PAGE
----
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Anti-Corruption Leaders in Africa Meet to Promote Integrity in Government Spending

June 10, 2010

WASHINGTON, June 10, 2010— Some 85 leaders in Africa’s fight against corruption met in Johannesburg in April to share knowledge and experiences about the design of structures and practices that promote accountability and integrity in government spending.

Co-sponsored by the African Organization of Supreme Audit Institutions-Anglophone Countries (AFROSAI-E) and the World Bank, the meeting of minds brought together key public oversight officials and leaders of anticorruption organizations from 17 African countries. Regional organizations and development groups also participated.

Demonstrate “integrity as a set of values and beliefs that constitutes a higher code of personal or inherent probity, going beyond legal prescripts,” outgoing Chair of the African Union Advisory Board on Corruption, and former Speaker of the Parliament of South Africa, Frene Ginwala told participants.

Ginwala cited “major accountability and integrity issues in Africa” and said the political class and civil society (religious leaders, NGOs, media, private sector) bear equal responsibility for current standards of behaviour in public spending.

Terence Nombembe, Auditor General of South Africa and current head of AFROSAI, emphasized the need for African oversight agencies, especially auditors-general, to develop and implement high professional standards for financial management, accounting, and audit.

During the workshop, participants denounced the global perception that African governments care little for accountability and integrity in the management of public money. They cited evidence that in many places the fight against wasteful public spending and corruption is being led from within by dedicated public officials, not by donors.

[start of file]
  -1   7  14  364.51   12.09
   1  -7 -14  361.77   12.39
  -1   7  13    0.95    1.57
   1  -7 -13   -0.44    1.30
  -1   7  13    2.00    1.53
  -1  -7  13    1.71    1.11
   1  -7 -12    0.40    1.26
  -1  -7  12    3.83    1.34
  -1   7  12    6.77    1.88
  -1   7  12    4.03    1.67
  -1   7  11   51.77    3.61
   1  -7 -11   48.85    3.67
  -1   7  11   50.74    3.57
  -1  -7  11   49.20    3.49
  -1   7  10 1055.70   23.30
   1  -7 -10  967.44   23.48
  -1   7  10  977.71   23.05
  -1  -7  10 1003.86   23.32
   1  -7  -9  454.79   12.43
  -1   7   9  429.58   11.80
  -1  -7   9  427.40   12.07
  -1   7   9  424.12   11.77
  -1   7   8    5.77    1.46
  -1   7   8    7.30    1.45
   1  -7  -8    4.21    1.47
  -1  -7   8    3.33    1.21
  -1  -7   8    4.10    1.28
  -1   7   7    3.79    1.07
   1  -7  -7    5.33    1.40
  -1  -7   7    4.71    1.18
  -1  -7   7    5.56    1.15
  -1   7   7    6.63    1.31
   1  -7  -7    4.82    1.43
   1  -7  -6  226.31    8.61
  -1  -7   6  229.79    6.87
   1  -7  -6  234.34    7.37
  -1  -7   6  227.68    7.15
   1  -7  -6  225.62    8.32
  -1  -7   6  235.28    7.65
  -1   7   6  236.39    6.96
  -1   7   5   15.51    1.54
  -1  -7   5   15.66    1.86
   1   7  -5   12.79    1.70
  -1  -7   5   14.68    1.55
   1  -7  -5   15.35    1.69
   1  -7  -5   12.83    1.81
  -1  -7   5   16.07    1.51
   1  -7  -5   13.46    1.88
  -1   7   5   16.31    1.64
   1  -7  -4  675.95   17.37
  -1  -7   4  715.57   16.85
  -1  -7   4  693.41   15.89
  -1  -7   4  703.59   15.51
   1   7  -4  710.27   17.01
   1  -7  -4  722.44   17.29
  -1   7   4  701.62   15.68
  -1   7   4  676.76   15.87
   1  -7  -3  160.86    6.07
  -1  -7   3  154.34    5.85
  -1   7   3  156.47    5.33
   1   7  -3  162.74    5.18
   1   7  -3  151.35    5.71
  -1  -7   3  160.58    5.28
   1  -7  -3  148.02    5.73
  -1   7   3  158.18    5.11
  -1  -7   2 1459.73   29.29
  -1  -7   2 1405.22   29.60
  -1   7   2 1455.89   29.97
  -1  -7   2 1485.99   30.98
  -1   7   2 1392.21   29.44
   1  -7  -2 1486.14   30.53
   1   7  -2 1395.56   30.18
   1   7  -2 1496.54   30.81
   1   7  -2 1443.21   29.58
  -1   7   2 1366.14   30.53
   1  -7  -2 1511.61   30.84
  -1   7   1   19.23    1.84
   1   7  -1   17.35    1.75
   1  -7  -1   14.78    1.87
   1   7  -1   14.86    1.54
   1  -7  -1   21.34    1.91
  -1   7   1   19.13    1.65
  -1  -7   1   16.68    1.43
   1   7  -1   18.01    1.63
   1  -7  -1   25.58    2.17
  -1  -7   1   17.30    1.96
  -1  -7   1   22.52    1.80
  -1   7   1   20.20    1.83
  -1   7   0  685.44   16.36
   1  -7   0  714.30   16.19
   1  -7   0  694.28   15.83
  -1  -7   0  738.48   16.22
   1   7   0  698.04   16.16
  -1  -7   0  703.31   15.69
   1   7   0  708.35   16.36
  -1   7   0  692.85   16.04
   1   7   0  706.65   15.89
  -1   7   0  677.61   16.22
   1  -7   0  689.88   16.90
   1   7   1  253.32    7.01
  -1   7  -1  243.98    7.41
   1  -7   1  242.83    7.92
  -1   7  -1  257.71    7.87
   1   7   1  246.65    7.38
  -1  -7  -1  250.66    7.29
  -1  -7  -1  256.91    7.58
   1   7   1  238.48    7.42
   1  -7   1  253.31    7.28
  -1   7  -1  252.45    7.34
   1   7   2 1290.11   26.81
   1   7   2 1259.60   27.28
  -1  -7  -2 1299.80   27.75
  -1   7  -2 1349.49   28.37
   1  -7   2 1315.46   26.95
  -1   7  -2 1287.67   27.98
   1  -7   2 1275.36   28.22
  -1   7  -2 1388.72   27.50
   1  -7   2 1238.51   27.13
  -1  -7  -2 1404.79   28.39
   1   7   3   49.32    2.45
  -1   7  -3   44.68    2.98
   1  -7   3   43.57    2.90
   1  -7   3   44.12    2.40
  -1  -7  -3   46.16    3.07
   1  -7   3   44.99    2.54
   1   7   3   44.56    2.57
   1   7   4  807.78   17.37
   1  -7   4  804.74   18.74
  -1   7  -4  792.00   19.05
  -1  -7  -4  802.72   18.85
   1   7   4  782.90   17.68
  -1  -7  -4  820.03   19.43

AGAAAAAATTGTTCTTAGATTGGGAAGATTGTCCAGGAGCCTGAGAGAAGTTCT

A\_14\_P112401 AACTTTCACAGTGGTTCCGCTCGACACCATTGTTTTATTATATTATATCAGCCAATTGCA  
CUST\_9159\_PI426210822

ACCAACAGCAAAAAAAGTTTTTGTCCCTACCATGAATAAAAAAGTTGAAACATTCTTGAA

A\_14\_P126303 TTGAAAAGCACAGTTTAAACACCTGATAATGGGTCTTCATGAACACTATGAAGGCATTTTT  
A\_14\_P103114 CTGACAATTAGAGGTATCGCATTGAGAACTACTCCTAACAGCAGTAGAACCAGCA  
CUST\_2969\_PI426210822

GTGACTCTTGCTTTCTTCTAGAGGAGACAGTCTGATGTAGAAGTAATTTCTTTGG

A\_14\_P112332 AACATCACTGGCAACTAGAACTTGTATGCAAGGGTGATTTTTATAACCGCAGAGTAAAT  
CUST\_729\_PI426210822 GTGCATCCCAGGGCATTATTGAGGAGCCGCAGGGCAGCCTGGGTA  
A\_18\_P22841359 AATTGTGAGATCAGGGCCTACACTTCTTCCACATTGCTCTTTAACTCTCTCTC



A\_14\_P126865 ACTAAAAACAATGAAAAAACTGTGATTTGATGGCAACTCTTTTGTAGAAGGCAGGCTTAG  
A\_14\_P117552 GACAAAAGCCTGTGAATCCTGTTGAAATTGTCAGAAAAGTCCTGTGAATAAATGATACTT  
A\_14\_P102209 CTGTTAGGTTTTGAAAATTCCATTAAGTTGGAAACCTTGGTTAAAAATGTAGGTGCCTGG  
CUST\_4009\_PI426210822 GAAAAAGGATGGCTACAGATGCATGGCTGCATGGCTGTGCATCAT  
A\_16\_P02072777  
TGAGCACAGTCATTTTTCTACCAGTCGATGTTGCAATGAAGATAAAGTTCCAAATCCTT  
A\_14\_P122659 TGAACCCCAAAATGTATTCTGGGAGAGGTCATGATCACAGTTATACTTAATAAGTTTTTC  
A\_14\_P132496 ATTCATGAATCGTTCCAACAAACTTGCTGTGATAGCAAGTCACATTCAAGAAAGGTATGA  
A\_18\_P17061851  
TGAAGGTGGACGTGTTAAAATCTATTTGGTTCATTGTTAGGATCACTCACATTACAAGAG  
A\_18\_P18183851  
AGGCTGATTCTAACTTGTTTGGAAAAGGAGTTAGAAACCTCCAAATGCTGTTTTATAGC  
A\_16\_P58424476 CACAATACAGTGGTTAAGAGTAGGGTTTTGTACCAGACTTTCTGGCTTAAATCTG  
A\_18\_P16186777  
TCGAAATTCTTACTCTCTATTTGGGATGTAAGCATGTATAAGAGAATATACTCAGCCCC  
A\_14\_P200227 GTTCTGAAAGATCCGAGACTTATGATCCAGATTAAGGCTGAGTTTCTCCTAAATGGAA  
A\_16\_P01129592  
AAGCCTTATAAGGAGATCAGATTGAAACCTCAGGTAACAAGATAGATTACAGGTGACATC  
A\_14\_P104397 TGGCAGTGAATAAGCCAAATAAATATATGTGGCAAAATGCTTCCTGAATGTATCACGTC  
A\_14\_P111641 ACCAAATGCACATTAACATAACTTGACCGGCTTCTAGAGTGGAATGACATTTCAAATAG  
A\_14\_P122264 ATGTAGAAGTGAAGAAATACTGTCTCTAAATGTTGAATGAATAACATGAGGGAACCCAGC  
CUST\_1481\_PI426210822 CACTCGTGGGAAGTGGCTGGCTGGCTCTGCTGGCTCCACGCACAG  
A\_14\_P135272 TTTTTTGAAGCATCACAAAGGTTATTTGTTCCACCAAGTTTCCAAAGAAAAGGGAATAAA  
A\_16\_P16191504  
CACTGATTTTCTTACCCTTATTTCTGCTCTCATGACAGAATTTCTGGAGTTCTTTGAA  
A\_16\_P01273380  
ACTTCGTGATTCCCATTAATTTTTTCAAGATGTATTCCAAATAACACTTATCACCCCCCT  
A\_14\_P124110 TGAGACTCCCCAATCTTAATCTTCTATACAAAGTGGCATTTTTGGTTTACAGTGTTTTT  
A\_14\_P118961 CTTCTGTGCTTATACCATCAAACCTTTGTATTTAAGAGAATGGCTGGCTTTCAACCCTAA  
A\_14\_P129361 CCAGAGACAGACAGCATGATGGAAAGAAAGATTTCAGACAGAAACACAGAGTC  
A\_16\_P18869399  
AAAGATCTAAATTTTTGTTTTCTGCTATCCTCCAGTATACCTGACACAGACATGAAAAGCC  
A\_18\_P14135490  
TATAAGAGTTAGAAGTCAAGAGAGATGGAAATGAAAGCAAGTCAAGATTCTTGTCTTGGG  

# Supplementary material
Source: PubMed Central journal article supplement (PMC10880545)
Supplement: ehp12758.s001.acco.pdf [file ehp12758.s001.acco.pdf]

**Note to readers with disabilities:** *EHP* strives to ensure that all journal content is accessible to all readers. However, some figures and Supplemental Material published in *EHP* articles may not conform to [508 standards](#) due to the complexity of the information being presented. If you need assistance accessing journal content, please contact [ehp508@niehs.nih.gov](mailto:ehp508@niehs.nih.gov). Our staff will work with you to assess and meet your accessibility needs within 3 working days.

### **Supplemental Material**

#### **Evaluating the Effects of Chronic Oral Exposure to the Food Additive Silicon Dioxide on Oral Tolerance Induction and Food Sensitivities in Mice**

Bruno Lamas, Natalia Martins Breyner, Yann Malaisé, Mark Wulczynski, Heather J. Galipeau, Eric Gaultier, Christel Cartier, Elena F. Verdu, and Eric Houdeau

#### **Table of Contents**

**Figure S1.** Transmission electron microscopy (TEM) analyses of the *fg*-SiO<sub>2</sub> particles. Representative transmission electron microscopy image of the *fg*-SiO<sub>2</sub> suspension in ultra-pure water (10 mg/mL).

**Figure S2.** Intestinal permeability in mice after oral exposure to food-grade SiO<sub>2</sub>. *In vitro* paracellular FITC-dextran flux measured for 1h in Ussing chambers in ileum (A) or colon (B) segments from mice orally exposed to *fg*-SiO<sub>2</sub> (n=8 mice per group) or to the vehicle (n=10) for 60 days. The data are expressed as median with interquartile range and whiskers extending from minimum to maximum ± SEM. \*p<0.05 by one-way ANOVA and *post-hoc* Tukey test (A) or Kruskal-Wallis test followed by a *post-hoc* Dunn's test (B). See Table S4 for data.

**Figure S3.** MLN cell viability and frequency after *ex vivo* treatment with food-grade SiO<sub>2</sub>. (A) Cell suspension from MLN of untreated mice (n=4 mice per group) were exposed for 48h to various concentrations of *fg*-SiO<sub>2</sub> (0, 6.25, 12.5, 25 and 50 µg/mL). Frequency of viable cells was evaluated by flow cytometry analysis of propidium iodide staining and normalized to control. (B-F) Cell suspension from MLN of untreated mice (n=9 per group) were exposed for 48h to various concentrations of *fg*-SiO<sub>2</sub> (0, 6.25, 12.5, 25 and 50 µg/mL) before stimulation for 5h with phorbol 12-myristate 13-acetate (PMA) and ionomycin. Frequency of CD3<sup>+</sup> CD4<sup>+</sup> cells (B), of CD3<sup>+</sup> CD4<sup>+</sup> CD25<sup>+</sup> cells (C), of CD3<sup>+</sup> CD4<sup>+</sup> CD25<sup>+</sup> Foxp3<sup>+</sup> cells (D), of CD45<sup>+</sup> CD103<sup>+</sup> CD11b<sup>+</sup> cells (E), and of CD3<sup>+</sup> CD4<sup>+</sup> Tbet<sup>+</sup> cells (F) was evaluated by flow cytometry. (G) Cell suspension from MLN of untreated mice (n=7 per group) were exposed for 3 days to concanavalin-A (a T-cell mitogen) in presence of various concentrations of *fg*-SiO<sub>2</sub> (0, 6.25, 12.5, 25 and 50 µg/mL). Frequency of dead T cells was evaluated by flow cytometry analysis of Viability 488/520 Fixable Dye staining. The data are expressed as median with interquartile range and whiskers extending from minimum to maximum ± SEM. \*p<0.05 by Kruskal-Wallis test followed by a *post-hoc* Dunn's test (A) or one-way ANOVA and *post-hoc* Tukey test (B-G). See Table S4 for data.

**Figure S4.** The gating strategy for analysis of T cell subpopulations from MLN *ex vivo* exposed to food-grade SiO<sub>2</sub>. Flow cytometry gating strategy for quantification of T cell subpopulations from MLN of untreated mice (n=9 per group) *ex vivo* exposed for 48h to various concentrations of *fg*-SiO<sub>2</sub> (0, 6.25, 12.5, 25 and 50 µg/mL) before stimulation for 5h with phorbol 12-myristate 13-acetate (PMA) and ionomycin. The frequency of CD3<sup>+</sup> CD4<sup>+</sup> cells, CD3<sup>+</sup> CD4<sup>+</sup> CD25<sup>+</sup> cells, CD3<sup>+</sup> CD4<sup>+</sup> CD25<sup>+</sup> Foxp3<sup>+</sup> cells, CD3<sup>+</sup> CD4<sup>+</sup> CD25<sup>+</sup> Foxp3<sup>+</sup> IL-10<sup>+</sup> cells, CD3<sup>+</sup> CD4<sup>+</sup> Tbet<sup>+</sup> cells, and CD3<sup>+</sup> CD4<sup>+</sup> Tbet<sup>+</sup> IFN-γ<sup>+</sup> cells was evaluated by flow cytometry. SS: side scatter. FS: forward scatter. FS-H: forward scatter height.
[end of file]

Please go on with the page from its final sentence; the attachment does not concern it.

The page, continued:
The group acknowledged the perils of their position: many face political pressure, and some have encountered threats of removal from office, or harm to themselves and their families.

They also shared examples of successful, adaptable measures to strengthen parliamentary oversight committees, auditors general, and anticorruption agencies, and adopted a set of resolutions reflecting these lessons.

“We encouraged participants from the same countries to sit together at the end of the workshop and identify a few good practices they would undertake to implement in their own country,” Renaud Seligmann, Senior Financial Management Specialist at the World Bank, said of he and his colleague Ivor Beazley. “We will share these commitments with the Bank’s country teams in Africa and support their implementation going forward.”

The Bank, and its development partners, accord high priority to supporting African countries in strengthening their financial management and oversight systems, according to Tony Hegarty, the Bank’s Chief Financial Officer, who attended the Johannesburg workshop. Some of the instruments deployed by the Bank and its partners include the identification and dissemination of good practices in accountability, as well as technical assistance and funding to implement them.